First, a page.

Those actions include, generally, council approval of all minutes, claims, settlements, policy amendments, city festivals, budget amendments and contracts. Also called into question:
• Approval of a cemetery contract and re-establishment of a code enforcer/building inspector position at the March 2018 meeting.
• Approval of the transfer of funds for pool renovation and community center improvements at an April 2018 meeting.
• Approval of cemetery changes and authorization of the city’s jail closure at a May 2018 meeting.
• Approval to remove Councilmen Tony Guzman and Tony Gaytan and appoint Irasema Cantu Barbara Perez at June, July and August 2018 meetings.
• Approval to create a city administrator position, appoint Alvarez-Roa as mayor and appoint Orozco as administrator at a September 2018 meeting.
• Appointment of Chuck Stephens, Joel Torres and Brinda Quintanilla-Bautista to the City Council at an October 2018 meeting.
The attorneys observed that removing a majority of council members due to “technical” defects would be “draconian.”
“The purpose of OPMA (Open Public Meetings Act) is to ensure that the council’s business is conducted in the open for all to see,” the memo states. “We have never seen it used as a bulldozer to demolish an entire city government based on technical irregularities.”
But the attorneys noted later in the memo that a judge already had “strongly signaled his skepticism” toward the city’s position.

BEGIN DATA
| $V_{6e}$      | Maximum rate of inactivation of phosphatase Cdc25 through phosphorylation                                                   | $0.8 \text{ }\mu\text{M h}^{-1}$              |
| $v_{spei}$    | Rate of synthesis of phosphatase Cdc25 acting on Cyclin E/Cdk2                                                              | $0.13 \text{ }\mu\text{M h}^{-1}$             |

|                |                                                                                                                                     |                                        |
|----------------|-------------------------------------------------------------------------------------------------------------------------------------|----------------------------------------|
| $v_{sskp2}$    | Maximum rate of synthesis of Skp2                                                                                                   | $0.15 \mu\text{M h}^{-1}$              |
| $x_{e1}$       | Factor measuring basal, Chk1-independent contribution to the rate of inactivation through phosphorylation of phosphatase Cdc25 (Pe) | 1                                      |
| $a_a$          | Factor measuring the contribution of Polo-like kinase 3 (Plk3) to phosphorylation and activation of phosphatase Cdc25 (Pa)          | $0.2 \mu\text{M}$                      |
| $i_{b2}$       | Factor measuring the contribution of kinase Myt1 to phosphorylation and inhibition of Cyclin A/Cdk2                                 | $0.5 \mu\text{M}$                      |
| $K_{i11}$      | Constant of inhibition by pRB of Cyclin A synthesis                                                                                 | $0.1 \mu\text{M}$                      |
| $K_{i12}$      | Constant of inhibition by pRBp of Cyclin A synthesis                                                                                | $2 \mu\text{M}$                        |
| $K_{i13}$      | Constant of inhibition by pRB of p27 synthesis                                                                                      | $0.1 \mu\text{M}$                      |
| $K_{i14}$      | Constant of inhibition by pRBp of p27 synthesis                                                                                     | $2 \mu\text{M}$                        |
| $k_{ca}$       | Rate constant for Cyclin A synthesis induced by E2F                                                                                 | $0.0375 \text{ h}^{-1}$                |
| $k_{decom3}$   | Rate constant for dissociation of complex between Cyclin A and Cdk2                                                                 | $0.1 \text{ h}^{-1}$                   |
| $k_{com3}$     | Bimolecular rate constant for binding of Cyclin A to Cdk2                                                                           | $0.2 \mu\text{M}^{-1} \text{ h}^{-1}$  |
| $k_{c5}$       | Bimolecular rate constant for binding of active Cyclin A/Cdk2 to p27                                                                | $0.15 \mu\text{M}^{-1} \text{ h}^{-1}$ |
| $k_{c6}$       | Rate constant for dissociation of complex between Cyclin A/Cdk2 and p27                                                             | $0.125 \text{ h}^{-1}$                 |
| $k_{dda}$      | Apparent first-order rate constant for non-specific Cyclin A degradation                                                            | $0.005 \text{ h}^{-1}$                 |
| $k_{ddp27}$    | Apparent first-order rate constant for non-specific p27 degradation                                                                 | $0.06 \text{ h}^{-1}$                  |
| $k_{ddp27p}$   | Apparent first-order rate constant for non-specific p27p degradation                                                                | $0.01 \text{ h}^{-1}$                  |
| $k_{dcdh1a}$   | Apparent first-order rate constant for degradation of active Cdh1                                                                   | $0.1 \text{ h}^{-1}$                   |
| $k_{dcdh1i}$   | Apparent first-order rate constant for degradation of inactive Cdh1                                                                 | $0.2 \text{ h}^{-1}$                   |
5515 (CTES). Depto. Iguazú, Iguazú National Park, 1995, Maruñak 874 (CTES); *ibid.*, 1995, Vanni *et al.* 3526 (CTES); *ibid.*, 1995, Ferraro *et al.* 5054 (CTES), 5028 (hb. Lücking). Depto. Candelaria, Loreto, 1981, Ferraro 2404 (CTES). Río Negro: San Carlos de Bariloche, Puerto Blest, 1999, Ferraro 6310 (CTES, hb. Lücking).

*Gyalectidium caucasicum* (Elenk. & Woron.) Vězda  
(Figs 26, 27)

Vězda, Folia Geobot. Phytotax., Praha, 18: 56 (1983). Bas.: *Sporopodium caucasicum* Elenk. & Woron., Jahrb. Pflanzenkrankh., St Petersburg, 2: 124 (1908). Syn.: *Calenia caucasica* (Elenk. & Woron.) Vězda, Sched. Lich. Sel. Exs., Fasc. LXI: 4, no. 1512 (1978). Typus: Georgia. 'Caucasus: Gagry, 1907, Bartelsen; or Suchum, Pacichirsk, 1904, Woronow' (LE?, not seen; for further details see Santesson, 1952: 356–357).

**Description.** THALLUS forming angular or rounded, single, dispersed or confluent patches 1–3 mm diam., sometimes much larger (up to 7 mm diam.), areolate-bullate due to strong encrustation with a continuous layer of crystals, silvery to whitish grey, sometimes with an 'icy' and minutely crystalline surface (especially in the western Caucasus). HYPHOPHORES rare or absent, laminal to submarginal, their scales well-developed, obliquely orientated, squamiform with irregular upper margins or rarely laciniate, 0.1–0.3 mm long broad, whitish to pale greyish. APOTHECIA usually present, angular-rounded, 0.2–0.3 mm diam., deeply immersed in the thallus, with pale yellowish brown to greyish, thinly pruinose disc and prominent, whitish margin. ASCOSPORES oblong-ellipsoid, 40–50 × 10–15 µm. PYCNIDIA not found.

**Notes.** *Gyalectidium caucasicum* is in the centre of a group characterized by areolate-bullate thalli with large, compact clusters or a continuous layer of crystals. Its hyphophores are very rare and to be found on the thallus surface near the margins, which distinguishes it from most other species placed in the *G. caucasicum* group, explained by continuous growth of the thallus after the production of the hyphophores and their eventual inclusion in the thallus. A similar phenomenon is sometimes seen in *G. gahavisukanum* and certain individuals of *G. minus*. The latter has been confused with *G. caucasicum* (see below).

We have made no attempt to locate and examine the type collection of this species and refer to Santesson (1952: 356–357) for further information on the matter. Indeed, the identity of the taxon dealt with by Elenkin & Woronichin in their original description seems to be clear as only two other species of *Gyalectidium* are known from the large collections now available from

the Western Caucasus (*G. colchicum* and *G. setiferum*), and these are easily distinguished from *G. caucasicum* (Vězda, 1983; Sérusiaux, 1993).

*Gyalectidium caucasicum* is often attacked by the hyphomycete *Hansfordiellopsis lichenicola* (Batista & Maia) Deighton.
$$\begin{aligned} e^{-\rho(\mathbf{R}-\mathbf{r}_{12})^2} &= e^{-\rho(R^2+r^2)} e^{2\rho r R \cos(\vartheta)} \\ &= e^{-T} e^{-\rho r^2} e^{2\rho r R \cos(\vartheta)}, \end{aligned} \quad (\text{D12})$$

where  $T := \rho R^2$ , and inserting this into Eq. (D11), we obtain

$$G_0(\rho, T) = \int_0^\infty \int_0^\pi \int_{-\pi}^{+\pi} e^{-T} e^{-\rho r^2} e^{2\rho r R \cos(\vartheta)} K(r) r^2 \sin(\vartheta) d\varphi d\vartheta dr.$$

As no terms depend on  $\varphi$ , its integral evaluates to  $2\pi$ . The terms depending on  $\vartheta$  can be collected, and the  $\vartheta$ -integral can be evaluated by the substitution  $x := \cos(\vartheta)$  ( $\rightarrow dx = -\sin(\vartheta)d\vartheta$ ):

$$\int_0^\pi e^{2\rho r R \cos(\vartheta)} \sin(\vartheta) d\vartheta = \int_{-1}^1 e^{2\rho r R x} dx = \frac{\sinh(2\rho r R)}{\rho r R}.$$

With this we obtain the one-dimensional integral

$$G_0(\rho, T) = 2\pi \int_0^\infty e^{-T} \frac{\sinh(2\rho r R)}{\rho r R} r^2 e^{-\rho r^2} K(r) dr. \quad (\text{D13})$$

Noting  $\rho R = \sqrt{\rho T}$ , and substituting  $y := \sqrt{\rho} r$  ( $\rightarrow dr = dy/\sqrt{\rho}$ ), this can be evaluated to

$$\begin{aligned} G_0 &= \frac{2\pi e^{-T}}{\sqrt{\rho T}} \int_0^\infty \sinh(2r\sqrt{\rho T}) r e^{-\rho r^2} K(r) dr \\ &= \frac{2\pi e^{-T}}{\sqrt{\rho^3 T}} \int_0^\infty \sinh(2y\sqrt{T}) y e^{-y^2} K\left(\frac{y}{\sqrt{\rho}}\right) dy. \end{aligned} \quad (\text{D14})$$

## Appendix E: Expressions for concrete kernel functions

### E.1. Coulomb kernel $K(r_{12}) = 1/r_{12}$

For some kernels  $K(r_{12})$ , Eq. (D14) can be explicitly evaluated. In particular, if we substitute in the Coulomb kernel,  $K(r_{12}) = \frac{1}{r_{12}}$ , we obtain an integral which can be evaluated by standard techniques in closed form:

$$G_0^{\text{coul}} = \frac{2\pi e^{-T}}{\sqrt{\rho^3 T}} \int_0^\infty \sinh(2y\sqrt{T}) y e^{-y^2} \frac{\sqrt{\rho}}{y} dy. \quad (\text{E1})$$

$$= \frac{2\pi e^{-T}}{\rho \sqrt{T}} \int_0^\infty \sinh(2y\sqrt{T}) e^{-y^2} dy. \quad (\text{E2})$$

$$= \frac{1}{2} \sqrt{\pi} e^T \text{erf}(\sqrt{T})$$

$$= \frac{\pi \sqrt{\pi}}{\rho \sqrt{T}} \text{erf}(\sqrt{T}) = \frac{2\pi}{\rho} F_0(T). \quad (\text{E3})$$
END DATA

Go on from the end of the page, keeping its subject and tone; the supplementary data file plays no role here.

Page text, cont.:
“Given the judge’s comments in this case and the city’s lack of a solid basis to defend against this suit, it is likely the plaintiffs will prevail on the vast majority of the issues in this case, although, again, the ultimate resolution is still unclear,” the memo states.
The attorneys then observed that the plaintiffs would likely appeal any court decision that did not remove Orozco from his role as city administrator, “even if they prevail on every other aspect of their suit.”
“Continued litigation and appeals will be costly and litigation is anything but certain, but we do not see a realistic way to defend the city here without a significant compromise on behalf of the officials in Wapato,” the memo states.
A settlement offer was extended March 29 that would require the city to acknowledge insufficient notice had been provided for the July 3 and Sept. 4 meetings — and that, as a result, the city would declare actions taken at those meetings null and void.
The settlement would have required that the city administrator’s contract be declared void, along with Orozco’s appointment to the position.
It also would require a six-month study prior to the creation of a city administrator position, which would be advertised for 90 days. Additionally, the city would pay the attorney fees for the civil lawsuit open meetings case.
“It is readily apparent that Mr. Orozco is at the heart of the plaintiff’s concerns, and we believe the chances of settlement could be significantly increased — and further disruption and turmoil within city government minimized — if the city were to terminate Mr. Orozco,” the memo states.
The memo notes that the attorneys met with Alvarez-Roa in February 2019 to see if she was willing to terminate Orozco. “Mayor Alvarez-Roa declined to do so and informed us on March 4, 2019, to direct all of our communications to Mr. Orozco,” the memo observes.
The attorneys then stated: “We do not feel we can represent the city under the direction and control of City Administrator Orozco, given his substantial personal interest in this case, which is not aligned with the city’s interests.”
Should the city not be able to reach a settlement in the case, the attorneys noted they would “be left with no other choice but to withdraw from representation.”